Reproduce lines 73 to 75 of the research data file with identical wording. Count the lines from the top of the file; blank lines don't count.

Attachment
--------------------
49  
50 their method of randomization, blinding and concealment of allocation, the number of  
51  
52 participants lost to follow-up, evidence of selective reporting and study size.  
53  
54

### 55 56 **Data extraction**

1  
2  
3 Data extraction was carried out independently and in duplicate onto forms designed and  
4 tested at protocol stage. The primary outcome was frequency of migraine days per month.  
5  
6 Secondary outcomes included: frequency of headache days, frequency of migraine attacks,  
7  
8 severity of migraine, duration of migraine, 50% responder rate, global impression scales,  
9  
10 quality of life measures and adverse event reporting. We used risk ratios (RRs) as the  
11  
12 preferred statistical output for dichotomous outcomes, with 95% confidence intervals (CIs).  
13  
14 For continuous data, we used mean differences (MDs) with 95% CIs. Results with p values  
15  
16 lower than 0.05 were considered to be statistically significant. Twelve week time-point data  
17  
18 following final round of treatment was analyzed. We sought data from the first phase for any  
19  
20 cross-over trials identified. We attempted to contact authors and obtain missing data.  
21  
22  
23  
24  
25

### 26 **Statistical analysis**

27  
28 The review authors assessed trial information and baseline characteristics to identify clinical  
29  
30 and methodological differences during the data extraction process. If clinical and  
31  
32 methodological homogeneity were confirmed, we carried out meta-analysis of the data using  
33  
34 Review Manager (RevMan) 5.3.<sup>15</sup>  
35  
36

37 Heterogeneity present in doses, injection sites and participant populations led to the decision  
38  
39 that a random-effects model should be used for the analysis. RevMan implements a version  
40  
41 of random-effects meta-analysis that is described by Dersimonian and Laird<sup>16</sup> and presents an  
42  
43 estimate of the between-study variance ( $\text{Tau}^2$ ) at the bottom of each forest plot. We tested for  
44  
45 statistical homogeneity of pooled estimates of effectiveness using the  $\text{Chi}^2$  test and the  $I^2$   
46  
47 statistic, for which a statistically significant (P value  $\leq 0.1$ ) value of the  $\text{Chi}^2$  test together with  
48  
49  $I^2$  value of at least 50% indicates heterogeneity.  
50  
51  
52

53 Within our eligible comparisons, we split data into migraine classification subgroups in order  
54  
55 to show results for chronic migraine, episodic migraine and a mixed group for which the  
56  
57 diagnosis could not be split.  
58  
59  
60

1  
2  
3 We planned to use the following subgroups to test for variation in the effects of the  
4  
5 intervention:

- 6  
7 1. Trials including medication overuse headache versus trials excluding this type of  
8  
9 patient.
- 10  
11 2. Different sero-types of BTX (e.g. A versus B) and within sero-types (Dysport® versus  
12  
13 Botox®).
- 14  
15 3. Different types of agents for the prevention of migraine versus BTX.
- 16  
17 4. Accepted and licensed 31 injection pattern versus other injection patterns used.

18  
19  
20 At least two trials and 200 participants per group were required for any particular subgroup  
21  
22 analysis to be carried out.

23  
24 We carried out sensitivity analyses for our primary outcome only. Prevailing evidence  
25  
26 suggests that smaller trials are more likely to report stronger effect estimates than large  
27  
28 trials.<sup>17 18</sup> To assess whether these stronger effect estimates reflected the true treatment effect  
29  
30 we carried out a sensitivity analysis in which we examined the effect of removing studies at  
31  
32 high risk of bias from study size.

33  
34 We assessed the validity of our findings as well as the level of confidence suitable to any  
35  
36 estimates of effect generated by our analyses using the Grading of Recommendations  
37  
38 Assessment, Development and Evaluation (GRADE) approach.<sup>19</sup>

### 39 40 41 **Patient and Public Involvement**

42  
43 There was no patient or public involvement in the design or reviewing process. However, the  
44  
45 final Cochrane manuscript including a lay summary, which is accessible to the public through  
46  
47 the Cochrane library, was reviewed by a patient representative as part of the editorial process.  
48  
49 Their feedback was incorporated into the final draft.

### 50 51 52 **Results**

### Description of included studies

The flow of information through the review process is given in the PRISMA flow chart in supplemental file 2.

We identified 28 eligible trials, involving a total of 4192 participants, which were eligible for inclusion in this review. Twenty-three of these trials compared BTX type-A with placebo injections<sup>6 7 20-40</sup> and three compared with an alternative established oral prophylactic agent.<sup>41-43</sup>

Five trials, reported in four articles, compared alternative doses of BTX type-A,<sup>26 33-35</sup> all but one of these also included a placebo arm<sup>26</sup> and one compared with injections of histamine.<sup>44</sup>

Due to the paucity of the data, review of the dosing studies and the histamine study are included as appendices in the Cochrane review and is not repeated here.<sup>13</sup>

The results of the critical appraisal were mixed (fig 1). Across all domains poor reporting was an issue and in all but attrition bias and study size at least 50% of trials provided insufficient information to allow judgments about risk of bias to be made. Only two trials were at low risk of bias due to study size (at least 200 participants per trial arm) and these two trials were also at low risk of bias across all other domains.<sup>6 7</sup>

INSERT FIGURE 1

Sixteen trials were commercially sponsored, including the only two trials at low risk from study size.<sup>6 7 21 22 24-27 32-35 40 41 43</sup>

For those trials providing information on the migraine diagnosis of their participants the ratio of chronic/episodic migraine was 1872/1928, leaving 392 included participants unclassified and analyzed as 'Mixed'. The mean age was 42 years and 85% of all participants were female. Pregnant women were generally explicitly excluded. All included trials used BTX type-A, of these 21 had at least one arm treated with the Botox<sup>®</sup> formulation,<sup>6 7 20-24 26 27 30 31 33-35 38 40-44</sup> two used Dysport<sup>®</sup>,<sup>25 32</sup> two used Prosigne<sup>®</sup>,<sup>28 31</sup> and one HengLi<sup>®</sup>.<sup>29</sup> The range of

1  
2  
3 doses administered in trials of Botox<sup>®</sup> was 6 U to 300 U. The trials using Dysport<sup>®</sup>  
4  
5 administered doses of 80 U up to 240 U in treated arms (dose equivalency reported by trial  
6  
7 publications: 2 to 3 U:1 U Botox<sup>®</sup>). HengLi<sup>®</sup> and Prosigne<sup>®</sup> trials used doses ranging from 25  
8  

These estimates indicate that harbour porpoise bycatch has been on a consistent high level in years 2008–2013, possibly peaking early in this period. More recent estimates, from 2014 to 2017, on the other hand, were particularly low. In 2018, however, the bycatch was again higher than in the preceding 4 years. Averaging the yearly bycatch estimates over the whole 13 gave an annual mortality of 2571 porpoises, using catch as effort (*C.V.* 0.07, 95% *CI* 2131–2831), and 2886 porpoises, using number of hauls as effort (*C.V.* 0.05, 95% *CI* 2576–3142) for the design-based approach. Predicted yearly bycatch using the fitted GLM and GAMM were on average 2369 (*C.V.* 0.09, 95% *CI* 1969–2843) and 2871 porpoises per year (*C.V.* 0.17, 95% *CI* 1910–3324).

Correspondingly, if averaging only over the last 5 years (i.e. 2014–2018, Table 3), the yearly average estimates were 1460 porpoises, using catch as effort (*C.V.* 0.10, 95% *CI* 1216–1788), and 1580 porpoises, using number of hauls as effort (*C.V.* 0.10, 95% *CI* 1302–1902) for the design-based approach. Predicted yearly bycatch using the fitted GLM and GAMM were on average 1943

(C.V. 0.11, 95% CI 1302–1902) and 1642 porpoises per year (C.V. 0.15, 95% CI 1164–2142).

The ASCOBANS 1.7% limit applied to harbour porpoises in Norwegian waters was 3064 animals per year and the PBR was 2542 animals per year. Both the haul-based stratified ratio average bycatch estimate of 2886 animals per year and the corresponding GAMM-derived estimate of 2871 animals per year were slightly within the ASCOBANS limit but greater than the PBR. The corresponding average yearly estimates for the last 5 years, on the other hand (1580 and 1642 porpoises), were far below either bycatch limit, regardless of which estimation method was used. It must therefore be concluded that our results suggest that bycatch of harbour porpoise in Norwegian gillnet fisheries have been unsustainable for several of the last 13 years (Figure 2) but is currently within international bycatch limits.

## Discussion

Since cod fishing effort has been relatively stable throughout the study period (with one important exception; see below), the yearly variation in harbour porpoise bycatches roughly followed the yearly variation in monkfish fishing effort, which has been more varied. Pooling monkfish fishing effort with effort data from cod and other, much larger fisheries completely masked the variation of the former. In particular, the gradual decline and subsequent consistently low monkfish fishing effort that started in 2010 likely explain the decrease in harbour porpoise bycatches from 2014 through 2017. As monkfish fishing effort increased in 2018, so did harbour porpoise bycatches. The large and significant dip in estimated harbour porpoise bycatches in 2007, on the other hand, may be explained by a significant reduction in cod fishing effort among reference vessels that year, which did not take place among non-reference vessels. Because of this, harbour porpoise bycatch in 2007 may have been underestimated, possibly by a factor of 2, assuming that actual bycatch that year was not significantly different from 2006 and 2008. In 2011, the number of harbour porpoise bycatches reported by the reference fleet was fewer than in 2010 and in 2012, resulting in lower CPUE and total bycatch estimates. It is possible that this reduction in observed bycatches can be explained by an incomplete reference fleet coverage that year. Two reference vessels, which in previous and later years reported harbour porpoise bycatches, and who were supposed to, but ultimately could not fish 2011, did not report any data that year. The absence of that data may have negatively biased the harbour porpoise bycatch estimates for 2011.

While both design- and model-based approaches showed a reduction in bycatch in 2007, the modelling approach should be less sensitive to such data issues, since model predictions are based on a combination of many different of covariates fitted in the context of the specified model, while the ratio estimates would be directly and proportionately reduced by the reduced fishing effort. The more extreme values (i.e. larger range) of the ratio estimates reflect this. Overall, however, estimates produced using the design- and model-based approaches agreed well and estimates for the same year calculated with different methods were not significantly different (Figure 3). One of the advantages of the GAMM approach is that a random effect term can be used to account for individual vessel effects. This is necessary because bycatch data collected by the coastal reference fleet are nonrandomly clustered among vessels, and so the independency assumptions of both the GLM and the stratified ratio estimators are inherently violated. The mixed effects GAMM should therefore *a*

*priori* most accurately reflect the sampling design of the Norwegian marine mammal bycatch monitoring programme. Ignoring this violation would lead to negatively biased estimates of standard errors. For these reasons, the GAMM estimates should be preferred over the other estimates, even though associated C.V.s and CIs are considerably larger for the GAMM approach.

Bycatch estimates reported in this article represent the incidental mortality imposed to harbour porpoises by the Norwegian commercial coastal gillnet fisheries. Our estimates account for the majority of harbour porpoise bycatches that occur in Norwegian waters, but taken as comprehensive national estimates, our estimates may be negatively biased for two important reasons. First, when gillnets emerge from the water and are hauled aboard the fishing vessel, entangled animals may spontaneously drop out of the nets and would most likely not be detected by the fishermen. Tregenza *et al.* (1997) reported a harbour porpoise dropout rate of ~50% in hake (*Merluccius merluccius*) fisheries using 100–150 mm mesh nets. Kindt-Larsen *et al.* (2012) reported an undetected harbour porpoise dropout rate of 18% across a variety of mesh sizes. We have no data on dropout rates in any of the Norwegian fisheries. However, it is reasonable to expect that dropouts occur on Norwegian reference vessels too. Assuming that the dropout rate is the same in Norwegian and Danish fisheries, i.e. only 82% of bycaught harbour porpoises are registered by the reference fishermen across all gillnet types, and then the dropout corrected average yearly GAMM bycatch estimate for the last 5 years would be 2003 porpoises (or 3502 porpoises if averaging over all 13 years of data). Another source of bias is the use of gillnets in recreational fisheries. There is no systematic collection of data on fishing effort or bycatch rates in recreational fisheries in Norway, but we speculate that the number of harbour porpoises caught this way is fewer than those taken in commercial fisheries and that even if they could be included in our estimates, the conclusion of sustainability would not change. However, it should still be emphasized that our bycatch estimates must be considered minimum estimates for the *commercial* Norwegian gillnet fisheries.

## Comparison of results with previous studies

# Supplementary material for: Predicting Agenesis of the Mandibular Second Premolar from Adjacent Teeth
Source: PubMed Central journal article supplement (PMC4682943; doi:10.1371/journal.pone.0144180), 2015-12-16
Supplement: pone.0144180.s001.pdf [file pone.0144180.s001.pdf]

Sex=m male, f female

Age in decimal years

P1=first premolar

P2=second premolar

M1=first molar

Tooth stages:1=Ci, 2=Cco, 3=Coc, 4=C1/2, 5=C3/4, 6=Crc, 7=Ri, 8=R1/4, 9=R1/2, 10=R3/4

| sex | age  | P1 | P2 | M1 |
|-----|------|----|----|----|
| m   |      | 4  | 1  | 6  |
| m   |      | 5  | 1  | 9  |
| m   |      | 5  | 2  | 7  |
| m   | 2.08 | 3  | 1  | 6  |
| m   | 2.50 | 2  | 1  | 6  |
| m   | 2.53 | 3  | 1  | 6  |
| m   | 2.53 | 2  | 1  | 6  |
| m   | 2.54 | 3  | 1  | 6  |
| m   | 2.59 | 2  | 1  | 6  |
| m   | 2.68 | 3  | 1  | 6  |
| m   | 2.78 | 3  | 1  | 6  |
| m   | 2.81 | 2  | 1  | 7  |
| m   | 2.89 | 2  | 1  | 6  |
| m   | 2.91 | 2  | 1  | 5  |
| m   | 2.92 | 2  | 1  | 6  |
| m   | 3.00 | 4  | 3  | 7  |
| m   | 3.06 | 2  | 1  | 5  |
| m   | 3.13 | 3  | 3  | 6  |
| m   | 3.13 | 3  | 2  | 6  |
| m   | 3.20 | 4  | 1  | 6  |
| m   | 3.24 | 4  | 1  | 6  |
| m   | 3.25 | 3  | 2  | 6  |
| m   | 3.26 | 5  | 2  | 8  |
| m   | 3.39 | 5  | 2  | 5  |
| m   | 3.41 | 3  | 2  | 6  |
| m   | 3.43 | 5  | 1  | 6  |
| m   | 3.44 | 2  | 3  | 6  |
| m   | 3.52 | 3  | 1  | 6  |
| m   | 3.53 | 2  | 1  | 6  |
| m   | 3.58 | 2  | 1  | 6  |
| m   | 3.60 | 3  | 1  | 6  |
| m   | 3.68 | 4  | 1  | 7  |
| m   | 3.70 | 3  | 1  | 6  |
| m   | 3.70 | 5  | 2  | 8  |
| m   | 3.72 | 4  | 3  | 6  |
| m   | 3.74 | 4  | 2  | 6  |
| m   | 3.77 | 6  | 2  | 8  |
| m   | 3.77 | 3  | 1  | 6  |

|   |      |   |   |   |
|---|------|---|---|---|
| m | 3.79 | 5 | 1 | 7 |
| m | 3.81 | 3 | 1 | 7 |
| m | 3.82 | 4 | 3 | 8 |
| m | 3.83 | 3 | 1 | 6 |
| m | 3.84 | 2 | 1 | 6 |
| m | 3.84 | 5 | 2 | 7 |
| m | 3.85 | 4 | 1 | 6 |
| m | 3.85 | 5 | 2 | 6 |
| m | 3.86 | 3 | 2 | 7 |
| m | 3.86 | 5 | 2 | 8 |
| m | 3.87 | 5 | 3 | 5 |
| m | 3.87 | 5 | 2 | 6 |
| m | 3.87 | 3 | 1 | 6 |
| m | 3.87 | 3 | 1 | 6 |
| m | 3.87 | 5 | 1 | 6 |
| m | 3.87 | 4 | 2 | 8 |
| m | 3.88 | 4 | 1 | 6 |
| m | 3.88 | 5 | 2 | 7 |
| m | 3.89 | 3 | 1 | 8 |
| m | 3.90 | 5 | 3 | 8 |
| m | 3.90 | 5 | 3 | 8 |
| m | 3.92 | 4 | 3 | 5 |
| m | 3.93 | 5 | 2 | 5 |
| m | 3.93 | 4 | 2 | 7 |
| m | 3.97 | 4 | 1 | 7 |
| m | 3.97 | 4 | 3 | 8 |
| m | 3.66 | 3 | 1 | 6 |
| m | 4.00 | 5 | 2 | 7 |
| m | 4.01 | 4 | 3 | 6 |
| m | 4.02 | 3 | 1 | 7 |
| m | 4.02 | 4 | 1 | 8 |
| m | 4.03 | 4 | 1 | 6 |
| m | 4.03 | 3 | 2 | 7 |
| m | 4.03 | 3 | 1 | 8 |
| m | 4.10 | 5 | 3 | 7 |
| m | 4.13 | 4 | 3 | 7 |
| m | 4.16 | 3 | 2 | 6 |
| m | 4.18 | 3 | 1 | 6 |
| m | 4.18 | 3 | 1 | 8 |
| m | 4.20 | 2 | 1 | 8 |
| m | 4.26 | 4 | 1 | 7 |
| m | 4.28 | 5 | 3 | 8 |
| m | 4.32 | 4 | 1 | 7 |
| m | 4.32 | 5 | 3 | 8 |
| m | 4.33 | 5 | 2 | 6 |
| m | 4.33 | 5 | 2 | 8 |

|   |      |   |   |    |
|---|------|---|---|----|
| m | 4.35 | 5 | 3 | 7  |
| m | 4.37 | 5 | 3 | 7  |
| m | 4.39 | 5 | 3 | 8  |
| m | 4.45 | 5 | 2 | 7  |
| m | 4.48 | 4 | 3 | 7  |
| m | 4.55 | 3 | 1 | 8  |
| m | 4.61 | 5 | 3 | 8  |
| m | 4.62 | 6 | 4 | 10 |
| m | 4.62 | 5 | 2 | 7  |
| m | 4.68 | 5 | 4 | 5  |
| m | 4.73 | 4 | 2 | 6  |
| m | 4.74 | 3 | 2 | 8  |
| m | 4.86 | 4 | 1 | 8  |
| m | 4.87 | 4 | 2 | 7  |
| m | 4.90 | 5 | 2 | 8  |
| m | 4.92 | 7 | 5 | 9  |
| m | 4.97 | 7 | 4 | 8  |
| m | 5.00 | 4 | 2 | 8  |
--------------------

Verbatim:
- 6  
7 1. Trials including medication overuse headache versus trials excluding this type of  
8  